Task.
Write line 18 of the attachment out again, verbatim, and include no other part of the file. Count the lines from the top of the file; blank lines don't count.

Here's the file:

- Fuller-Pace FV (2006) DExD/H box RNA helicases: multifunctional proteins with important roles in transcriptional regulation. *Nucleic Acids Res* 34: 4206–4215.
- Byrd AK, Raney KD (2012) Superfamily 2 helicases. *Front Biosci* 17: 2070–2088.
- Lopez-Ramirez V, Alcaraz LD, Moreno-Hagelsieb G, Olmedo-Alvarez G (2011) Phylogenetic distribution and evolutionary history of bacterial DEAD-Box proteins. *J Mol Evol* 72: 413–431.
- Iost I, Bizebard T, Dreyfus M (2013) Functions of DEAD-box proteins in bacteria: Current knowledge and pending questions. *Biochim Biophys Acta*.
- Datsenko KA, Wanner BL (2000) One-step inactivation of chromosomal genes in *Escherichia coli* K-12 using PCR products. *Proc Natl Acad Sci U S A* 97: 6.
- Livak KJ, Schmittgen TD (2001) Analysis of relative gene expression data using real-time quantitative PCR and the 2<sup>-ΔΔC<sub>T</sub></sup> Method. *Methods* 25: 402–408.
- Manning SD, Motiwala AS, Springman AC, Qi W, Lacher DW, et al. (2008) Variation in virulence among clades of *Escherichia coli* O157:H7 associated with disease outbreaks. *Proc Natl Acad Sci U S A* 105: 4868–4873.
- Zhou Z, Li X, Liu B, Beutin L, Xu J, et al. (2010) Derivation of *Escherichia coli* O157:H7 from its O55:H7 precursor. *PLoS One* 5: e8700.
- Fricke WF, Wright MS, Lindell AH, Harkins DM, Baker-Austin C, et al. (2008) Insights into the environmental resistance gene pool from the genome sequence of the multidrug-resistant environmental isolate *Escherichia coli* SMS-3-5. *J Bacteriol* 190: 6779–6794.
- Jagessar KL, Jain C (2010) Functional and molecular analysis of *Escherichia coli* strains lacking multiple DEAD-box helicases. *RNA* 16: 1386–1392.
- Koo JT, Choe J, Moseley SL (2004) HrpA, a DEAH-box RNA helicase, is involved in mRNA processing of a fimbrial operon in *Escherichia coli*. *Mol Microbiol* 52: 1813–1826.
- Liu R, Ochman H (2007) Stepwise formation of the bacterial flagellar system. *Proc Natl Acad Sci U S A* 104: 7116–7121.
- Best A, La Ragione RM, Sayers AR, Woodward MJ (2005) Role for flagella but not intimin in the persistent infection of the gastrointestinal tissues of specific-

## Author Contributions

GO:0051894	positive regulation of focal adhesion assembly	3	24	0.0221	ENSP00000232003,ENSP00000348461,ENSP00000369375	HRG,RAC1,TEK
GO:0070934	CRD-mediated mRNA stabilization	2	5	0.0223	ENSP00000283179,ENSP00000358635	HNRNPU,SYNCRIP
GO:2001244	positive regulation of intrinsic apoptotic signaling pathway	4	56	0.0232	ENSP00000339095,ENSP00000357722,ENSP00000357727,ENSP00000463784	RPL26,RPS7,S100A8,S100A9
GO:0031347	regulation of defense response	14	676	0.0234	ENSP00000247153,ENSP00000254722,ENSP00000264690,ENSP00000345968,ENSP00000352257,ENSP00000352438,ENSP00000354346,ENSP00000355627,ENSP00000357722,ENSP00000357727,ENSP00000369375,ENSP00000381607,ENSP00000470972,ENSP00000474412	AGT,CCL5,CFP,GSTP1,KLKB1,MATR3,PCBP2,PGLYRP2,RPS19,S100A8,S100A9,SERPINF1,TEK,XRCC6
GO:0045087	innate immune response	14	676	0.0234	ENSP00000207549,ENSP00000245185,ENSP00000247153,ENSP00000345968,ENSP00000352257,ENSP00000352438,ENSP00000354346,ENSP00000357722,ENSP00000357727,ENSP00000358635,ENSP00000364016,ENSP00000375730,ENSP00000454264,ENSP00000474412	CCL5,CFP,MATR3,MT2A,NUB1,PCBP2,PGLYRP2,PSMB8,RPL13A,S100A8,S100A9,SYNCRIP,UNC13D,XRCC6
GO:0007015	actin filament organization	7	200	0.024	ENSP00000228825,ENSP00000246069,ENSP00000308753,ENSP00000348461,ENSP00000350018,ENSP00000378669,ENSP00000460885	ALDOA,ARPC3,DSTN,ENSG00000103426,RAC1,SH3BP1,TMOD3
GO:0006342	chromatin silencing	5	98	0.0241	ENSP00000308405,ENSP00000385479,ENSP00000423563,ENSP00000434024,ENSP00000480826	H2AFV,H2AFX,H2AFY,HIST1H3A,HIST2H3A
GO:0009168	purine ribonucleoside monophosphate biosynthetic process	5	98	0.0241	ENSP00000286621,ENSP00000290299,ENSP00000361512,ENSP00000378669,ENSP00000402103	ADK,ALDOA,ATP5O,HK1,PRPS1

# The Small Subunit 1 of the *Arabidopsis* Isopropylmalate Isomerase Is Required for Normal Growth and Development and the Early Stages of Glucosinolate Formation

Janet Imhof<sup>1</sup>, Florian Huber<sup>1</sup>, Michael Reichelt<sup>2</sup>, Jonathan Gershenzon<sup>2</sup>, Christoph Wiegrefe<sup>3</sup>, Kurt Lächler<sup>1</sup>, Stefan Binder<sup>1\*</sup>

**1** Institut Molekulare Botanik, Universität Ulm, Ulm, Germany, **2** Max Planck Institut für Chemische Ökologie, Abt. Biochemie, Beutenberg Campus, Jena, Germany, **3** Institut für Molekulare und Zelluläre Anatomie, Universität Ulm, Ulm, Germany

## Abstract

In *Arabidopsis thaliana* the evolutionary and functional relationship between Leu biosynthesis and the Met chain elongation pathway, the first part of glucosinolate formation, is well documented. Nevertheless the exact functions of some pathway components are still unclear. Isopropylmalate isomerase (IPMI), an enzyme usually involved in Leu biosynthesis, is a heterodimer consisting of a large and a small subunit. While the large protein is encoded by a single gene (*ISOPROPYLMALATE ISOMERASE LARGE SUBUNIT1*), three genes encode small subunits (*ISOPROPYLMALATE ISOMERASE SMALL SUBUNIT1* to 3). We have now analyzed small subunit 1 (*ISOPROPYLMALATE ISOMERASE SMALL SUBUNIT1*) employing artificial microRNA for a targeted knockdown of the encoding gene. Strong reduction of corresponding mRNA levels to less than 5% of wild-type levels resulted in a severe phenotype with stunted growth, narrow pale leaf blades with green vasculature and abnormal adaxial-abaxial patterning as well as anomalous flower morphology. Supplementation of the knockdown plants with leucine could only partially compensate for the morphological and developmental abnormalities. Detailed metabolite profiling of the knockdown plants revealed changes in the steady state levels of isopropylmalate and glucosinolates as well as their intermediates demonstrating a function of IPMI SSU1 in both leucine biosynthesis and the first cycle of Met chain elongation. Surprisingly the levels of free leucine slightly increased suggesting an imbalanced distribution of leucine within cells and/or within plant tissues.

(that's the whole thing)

GO:0031347	regulation of defense response	14	676	0.0234	ENSP00000247153,ENSP00000254722,ENSP00000264690,ENSP00000345968,ENSP00000352257,ENSP00000352438,ENSP00000354346,ENSP00000355627,ENSP00000357722,ENSP00000357727,ENSP00000369375,ENSP00000381607,ENSP00000470972,ENSP00000474412	AGT,CCL5,CFP,GSTP1,KLKB1,MATR3,PCBP2,PGLYRP2,RPS19,S100A8,S100A9,SERPINF1,TEK,XRCC6